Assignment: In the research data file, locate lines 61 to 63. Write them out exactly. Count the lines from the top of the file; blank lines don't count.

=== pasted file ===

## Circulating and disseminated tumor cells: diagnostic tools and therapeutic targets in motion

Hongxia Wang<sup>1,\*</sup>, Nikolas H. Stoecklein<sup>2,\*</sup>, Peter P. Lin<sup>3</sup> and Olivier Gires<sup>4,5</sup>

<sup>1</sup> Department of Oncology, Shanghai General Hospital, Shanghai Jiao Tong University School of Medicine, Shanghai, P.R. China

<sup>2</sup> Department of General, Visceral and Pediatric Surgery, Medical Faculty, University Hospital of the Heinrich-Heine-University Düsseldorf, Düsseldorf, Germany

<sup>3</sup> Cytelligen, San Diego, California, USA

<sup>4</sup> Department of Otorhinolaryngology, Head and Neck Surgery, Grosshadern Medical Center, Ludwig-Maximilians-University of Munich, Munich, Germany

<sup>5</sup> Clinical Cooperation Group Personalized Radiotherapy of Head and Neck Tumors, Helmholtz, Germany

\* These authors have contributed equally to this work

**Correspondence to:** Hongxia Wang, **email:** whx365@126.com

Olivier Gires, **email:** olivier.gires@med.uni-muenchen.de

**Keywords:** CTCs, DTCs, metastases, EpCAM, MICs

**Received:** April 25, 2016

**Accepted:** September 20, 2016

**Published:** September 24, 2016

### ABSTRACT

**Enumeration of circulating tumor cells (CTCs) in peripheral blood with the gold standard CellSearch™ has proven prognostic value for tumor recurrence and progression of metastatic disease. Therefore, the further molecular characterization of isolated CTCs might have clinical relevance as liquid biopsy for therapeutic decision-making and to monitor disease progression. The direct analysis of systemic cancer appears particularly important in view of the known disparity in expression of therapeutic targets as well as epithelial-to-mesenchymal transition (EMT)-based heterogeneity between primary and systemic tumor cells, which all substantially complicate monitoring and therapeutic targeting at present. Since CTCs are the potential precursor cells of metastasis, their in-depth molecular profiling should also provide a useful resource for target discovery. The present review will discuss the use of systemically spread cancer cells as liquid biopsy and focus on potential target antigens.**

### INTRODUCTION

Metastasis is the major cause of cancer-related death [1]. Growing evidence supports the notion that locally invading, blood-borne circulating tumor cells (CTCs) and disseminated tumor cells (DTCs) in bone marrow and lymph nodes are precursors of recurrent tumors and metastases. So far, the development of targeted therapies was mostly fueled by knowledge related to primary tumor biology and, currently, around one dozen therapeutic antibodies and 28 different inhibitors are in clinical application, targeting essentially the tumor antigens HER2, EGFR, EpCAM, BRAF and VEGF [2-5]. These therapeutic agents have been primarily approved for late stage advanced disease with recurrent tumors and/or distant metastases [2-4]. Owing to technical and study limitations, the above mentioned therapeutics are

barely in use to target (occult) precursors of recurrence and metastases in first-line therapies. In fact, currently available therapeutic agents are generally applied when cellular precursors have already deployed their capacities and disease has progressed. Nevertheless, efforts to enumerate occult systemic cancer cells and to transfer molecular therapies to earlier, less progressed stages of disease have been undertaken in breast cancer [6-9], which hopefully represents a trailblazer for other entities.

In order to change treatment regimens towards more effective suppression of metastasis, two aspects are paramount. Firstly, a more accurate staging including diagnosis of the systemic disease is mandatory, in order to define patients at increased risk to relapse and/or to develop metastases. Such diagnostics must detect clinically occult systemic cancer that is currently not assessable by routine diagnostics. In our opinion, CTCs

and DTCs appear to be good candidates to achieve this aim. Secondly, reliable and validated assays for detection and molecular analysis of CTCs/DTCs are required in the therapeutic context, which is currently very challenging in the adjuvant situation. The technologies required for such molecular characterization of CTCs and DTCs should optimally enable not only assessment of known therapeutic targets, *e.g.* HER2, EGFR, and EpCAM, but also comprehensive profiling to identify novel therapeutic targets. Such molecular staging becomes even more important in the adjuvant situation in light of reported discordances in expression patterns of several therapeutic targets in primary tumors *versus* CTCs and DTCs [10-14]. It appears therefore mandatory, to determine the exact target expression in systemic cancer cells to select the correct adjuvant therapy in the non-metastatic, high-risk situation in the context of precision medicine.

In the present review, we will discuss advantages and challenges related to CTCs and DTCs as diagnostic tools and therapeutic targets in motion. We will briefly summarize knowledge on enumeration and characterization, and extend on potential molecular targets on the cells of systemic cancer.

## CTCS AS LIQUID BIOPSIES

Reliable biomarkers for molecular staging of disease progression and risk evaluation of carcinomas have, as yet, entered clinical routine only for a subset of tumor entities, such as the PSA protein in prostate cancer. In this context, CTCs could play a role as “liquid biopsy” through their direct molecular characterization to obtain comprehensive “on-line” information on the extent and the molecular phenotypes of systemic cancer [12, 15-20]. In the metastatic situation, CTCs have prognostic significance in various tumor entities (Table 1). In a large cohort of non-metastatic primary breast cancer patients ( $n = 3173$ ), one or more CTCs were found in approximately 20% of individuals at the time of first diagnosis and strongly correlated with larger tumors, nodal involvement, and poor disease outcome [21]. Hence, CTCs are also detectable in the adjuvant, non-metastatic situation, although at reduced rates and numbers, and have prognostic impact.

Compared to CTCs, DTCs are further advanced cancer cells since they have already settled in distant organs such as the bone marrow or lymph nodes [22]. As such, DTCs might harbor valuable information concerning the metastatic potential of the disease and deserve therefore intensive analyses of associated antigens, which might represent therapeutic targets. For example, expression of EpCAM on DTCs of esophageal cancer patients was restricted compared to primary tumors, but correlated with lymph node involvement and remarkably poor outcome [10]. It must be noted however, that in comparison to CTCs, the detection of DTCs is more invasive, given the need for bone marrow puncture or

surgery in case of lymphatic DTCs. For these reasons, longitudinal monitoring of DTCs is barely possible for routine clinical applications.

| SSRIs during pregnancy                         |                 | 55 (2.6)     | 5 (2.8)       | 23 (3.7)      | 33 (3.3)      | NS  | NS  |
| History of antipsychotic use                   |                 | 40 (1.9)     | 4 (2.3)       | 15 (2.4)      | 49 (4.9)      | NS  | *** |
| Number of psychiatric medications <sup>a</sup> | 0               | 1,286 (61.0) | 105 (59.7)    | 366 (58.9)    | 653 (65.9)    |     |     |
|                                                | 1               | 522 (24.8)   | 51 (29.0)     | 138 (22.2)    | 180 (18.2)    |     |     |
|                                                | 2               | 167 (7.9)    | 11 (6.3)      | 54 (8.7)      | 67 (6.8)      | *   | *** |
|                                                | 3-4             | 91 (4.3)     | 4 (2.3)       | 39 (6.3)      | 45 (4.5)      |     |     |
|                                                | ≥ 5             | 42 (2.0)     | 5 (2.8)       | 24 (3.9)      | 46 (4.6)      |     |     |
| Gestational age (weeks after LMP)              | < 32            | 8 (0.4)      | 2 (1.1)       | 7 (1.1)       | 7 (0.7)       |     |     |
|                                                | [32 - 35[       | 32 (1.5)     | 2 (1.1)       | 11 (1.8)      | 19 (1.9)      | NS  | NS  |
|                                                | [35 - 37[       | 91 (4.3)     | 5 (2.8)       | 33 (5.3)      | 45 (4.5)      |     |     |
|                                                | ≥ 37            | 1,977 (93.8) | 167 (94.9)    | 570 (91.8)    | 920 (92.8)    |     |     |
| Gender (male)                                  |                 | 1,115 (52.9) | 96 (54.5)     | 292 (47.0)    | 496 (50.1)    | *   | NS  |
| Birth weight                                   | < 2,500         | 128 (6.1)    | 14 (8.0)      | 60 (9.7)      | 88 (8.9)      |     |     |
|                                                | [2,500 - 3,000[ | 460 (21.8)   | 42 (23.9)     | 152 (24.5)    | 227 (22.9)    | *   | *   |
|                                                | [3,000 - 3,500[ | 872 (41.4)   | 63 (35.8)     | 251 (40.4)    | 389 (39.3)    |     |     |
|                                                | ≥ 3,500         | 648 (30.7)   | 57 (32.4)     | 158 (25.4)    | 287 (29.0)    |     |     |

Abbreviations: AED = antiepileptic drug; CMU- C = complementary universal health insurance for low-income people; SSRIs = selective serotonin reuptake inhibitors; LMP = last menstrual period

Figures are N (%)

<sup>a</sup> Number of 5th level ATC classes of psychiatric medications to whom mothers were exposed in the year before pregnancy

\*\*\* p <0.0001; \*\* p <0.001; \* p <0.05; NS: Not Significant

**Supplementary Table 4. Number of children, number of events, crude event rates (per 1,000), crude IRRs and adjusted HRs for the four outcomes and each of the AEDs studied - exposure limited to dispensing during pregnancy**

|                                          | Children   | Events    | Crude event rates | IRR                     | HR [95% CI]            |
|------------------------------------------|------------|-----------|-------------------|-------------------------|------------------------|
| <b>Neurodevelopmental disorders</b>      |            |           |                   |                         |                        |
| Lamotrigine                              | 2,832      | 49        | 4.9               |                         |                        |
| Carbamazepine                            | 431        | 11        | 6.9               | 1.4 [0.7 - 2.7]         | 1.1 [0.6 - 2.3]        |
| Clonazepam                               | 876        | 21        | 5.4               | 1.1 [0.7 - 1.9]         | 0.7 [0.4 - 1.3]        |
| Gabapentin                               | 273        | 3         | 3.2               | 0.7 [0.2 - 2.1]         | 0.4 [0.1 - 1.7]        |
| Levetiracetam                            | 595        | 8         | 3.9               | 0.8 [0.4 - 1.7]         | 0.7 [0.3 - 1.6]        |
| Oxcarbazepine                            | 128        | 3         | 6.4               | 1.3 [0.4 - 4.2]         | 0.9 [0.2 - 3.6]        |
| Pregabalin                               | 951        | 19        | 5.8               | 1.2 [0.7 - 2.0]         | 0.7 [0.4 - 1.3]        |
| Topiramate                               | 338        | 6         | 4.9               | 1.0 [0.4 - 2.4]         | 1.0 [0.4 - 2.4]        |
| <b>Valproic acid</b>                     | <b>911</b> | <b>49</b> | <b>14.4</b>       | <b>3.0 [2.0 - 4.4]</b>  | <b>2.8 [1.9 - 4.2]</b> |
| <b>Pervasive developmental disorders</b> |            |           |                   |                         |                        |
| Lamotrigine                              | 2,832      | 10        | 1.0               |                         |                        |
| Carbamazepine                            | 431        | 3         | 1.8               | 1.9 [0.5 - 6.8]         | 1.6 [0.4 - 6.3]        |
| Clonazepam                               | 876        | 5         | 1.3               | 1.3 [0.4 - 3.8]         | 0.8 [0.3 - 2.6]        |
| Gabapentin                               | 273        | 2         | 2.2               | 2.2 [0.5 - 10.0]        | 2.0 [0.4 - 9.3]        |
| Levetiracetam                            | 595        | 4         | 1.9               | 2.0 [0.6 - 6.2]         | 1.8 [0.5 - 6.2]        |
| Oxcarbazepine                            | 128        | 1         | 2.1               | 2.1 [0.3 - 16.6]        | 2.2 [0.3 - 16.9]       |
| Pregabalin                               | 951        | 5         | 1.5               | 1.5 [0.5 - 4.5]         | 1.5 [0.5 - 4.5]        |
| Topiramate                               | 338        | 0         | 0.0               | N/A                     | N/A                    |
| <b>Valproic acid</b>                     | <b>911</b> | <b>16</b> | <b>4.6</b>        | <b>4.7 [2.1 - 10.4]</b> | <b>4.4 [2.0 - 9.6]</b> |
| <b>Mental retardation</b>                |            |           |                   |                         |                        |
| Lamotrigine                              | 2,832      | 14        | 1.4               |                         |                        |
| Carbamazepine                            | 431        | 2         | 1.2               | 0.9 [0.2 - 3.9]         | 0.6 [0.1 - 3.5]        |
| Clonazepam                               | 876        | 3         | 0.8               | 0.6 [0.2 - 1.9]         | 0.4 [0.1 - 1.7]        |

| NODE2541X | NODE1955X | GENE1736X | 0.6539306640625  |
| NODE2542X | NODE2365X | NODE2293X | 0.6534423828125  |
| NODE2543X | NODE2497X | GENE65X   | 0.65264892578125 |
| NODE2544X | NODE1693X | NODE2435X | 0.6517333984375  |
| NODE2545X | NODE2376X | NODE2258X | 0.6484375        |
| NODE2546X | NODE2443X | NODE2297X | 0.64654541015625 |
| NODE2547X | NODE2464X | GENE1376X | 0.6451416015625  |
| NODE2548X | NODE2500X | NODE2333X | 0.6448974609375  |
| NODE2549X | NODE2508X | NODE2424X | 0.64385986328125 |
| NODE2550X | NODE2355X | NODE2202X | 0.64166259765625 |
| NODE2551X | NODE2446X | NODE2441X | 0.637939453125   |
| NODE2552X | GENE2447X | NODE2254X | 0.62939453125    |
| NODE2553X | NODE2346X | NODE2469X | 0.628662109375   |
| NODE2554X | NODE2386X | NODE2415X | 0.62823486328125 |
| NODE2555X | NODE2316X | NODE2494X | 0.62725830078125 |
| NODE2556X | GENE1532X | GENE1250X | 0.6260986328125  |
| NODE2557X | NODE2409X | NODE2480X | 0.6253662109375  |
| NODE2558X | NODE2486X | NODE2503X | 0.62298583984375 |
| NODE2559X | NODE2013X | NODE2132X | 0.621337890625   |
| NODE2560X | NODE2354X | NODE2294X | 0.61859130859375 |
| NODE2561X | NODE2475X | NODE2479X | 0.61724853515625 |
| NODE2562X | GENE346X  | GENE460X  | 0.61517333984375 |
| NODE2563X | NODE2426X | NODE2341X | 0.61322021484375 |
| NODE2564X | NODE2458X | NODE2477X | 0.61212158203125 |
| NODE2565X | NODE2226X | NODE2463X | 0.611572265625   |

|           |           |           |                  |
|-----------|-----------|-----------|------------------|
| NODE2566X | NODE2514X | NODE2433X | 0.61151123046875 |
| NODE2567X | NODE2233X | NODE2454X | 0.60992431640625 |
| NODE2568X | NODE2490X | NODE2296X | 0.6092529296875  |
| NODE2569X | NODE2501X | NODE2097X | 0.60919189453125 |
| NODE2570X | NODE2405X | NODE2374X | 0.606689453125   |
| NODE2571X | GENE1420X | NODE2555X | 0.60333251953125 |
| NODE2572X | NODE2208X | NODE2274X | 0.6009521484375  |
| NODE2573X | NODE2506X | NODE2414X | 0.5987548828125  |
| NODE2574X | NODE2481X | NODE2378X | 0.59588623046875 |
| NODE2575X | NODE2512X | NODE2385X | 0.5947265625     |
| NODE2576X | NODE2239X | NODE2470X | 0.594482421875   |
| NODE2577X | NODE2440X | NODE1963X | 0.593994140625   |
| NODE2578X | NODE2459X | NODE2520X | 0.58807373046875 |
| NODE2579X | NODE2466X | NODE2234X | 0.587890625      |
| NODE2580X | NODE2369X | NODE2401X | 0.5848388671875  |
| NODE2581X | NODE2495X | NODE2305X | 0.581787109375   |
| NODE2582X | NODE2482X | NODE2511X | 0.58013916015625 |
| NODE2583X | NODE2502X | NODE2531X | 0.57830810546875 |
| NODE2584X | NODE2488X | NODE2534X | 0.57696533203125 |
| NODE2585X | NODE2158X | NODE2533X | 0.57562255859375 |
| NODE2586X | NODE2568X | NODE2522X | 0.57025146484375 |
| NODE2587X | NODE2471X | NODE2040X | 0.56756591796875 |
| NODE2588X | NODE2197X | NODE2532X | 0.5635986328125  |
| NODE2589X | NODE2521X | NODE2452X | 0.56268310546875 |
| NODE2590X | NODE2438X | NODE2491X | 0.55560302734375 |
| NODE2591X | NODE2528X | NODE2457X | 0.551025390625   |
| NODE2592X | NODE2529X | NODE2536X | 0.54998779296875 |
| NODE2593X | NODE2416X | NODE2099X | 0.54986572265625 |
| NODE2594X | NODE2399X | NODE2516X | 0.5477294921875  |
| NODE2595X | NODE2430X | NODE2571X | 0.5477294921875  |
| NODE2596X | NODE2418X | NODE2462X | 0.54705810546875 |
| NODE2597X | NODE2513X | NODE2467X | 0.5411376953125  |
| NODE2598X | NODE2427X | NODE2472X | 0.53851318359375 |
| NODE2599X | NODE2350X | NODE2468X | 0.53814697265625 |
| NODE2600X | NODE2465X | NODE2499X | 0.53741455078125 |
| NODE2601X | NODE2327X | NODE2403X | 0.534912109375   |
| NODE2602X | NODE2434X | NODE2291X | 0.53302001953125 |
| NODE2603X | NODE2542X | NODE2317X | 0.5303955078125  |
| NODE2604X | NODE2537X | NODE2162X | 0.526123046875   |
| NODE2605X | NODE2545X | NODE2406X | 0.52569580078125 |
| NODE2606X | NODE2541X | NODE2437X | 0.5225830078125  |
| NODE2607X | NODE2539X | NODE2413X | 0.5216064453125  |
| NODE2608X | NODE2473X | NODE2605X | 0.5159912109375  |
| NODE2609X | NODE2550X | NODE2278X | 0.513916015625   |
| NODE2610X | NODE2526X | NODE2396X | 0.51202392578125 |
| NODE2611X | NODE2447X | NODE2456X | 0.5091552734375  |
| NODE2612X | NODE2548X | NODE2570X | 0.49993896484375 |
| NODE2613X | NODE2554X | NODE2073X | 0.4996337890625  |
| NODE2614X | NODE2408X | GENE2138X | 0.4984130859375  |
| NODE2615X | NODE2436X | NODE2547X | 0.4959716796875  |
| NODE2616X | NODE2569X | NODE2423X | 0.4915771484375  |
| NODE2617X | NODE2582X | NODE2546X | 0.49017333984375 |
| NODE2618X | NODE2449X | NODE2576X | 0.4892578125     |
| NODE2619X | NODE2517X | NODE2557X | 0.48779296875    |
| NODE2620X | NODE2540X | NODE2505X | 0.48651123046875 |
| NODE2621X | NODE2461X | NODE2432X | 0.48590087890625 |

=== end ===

| Lamotrigine                              | 2,832      | 10        | 1.0               |                         |                        |
| Carbamazepine                            | 431        | 3         | 1.8               | 1.9 [0.5 - 6.8]         | 1.6 [0.4 - 6.3]        |
| Clonazepam                               | 876        | 5         | 1.3               | 1.3 [0.4 - 3.8]         | 0.8 [0.3 - 2.6]        |